What is your favourite example of hidden symbolism in a logo?

Designers tell us of some classic identities and personal favourites that play tricks on the eye or are imbued with symbolism.

OM

‘The design classic is FedEx by Landor, but I’m sure that falls into the “I didn’t see it” category for the general public. The same goes for the elusive bear of Toblerone, or the A-Z in Amazon. Personally I think jokes are better when the punchlines are understood, so I’d opt for the Girl Scouts logo by Saul Bass, The Guild of Food Writers by 300 Million, or the WWF logo (the panda one). Beautifully simple.’  

Oliver Maltby, creative director, Interbrand Australia

KB

‘There are so many good ones to choose from but a personal favourite is the logo for Heart & Sold by designer Matt Maurer [formerly of Music]. Heart & Sold is a UK initiative that seeks to inspire and teach artists with Down’s Syndrome and promote the idea that this art is from “the heart” and not a product of the condition. The logo is a simple everyday brass picture hook with a cut out heart in the middle, (something I had never noticed before!) The empty hook represents another picture sold, while the heart inside is a symbol of the artist’s passion and the love of those who invest in each piece. I really like the fact that the mark is just a found object with this emotional symbol within waiting to be discovered. It says “heart and sold” in a single clever visual expression. I love the simplicity, its cause and sentiment and the way that the little “hidden” emblem becomes so memorable in my mind (and heart).’

Kelly Bennett, creative partner, Afterhours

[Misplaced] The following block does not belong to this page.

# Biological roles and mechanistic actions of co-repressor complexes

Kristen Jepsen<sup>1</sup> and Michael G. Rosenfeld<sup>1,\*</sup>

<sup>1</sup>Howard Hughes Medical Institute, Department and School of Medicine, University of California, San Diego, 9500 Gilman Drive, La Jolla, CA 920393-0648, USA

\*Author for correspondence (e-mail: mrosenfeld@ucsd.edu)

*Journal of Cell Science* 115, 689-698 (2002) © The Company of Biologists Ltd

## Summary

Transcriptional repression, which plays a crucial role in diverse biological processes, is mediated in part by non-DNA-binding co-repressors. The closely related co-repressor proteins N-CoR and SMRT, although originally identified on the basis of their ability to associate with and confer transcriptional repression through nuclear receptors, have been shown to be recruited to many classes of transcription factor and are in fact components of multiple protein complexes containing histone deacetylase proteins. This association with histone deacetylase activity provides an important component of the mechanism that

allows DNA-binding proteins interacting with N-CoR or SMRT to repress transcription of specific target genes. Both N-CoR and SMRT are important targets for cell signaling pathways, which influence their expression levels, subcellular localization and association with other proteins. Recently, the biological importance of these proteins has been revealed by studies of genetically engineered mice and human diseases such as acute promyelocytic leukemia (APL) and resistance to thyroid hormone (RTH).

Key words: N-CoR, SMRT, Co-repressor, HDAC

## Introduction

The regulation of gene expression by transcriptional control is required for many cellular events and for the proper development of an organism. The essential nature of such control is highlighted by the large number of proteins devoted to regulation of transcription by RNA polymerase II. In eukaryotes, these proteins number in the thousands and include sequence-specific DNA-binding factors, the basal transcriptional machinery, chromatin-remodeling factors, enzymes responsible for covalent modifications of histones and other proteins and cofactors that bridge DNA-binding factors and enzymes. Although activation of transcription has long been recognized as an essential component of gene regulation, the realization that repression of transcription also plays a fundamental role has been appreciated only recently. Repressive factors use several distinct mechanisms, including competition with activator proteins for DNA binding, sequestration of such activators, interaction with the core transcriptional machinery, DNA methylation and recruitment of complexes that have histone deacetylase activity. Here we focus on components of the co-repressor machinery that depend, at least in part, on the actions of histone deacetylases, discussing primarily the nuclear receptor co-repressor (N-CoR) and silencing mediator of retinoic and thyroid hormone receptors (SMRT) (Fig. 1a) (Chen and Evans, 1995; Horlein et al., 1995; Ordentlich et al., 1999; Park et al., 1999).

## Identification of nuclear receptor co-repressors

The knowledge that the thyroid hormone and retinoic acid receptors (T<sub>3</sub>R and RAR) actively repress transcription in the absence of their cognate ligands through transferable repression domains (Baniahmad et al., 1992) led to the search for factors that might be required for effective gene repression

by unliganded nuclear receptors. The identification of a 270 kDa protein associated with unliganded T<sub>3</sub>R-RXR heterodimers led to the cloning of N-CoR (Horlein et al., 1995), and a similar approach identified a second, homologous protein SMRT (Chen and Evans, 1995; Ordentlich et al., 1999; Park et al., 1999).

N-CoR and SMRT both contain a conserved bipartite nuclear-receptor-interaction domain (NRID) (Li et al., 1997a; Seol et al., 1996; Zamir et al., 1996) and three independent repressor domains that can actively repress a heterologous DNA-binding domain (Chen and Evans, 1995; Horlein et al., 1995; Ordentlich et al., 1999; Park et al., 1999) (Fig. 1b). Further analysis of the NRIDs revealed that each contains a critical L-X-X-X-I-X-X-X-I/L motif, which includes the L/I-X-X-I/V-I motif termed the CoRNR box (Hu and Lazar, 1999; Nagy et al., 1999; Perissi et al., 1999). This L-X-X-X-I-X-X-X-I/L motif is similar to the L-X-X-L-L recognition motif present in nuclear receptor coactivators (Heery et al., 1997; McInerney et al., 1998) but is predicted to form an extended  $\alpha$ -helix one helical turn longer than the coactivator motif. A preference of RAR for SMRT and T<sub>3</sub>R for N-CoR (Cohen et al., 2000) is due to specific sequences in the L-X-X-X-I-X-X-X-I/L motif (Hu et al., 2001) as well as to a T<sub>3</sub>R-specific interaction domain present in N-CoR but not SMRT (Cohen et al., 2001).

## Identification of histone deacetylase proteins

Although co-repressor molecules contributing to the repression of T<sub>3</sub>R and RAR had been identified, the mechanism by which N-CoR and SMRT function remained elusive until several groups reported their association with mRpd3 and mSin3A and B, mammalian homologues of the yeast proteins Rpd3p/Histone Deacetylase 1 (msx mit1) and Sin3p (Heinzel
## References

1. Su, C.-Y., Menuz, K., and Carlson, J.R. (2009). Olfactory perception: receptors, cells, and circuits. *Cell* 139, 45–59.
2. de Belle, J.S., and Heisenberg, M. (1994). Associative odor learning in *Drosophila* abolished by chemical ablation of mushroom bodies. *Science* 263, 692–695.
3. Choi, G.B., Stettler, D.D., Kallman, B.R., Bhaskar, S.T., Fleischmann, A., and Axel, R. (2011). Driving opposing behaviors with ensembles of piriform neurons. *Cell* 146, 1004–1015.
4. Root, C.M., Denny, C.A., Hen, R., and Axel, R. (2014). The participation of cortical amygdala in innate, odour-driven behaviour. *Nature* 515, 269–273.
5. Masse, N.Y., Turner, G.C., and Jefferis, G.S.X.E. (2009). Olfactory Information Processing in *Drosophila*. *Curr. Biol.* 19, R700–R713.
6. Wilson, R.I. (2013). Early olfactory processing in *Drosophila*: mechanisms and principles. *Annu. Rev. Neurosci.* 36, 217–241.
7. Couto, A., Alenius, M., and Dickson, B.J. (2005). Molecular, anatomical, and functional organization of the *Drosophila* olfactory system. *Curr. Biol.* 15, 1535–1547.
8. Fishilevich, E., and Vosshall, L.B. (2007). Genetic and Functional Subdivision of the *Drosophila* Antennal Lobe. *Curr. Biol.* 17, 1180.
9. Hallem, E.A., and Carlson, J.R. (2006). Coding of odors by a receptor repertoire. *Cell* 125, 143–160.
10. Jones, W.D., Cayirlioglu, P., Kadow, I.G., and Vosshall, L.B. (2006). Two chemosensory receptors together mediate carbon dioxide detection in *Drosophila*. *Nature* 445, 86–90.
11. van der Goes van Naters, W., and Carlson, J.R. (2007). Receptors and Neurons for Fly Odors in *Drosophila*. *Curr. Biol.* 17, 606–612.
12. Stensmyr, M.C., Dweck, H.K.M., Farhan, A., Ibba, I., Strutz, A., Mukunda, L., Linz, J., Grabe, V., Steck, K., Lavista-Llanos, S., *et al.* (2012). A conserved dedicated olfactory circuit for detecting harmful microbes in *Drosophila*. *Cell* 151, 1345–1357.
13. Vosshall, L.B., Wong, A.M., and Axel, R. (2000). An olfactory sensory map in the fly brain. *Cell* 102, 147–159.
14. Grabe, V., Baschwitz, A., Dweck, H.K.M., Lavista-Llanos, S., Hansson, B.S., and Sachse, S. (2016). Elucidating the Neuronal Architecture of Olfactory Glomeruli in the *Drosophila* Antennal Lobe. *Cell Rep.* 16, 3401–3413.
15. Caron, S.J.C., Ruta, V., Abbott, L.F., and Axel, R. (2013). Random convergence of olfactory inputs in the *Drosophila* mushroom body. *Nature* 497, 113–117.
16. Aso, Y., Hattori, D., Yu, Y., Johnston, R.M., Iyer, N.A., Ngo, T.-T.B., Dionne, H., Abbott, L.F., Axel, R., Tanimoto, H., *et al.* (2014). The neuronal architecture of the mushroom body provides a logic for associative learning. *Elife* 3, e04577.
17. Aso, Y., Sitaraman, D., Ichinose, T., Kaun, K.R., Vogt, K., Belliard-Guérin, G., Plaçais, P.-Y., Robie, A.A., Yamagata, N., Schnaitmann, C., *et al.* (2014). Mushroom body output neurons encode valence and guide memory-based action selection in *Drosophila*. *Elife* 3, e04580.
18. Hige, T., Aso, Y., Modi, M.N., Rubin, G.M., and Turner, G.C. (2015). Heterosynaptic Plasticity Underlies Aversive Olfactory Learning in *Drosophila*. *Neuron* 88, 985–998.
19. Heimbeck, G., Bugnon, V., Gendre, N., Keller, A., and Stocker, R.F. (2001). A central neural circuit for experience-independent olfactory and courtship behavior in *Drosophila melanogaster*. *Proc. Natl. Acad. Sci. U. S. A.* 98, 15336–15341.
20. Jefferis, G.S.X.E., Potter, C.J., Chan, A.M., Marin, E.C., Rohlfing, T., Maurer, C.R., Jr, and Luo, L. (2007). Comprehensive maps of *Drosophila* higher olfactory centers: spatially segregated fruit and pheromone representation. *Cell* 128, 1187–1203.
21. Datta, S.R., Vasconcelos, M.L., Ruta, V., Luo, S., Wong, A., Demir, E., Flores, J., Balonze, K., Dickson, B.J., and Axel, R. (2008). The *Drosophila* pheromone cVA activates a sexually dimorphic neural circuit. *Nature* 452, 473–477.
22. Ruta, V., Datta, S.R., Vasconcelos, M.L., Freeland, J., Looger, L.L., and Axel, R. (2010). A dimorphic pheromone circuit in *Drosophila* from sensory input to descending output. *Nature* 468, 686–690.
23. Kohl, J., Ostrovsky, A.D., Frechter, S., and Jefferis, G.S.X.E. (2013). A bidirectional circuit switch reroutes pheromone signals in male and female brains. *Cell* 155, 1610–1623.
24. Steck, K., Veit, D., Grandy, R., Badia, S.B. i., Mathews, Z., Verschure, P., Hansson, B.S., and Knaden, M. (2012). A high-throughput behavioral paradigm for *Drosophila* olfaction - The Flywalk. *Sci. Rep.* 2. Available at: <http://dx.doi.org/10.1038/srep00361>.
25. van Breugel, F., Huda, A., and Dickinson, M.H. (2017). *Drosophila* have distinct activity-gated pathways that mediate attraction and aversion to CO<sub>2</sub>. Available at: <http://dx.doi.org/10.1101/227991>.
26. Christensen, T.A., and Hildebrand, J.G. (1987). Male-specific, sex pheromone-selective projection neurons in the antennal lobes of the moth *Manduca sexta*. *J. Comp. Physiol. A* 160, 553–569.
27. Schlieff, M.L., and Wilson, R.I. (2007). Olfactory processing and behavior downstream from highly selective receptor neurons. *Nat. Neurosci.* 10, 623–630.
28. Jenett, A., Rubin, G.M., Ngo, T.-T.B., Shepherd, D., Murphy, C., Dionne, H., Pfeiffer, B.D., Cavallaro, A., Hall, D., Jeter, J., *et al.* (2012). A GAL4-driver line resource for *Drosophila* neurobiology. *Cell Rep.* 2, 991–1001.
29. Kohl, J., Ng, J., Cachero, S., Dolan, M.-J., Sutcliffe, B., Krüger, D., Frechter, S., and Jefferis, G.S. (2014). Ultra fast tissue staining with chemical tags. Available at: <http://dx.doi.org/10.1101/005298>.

Heart Sold
SF

‘My favourite example is the classic use of negative space in Richard Runyon’s FedEx logo. I like it because it’s bold and so symbolic, yet not overtly noticeable. At the other end of the spectrum, with a hidden meaning that works well is Sony’s “Vaio” word mark. It includes an analog “wave” and the digital combination of “0” and “1”, while delivering a well-balanced and ownable identity.’

Simon Forster, creative director, Robot Food

BE

‘The Toblerone bear is a geeky favourite of mine – a real hidden gem that few people apart from us designer-types notice. However when you see it, it’s unmissable. Gently pawing at the Matterhorn, the design doesn’t force it, rendering it a lovely discovery, apparently representing the honey in the product. Sweet.’

Bronwen Edwards, creative director, Brandhouse

DNM

‘My favourite example of hidden symbolism has to be the bear within the Toblerone logo. Building on the brand story (the bear is the symbol of Berne where Toblerone is produced), it imbues even more charisma into an already distinctive brand. Like many other examples of this nature, it delivers that extra magic by rewarding a closer look.’

Daniela Nunzi-Mihranian, creative director, JKR

AB

‘I won’t choose our own logo for Hot Bikram Yoga, which shoe-horned three – yes three! – different symbols into one mark, nor will I choose the designer’s favourites My Cuisine Canary Wharf or the Guild of Food Writers, nor the classic FedEx, nor the Toblerone bear that someone reminded me of the other day. I’m going to go for the LSO logo, which for years eluded me as it’s so simple that I just wasn’t even looking for it.’

Algy Batten, partner, Fivefootsix

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Comments
  • Sammy Georgie November 30, -0001 at 12:00 am

    Great piece. Personally, I love the LSO mark. Subtle but expressive.

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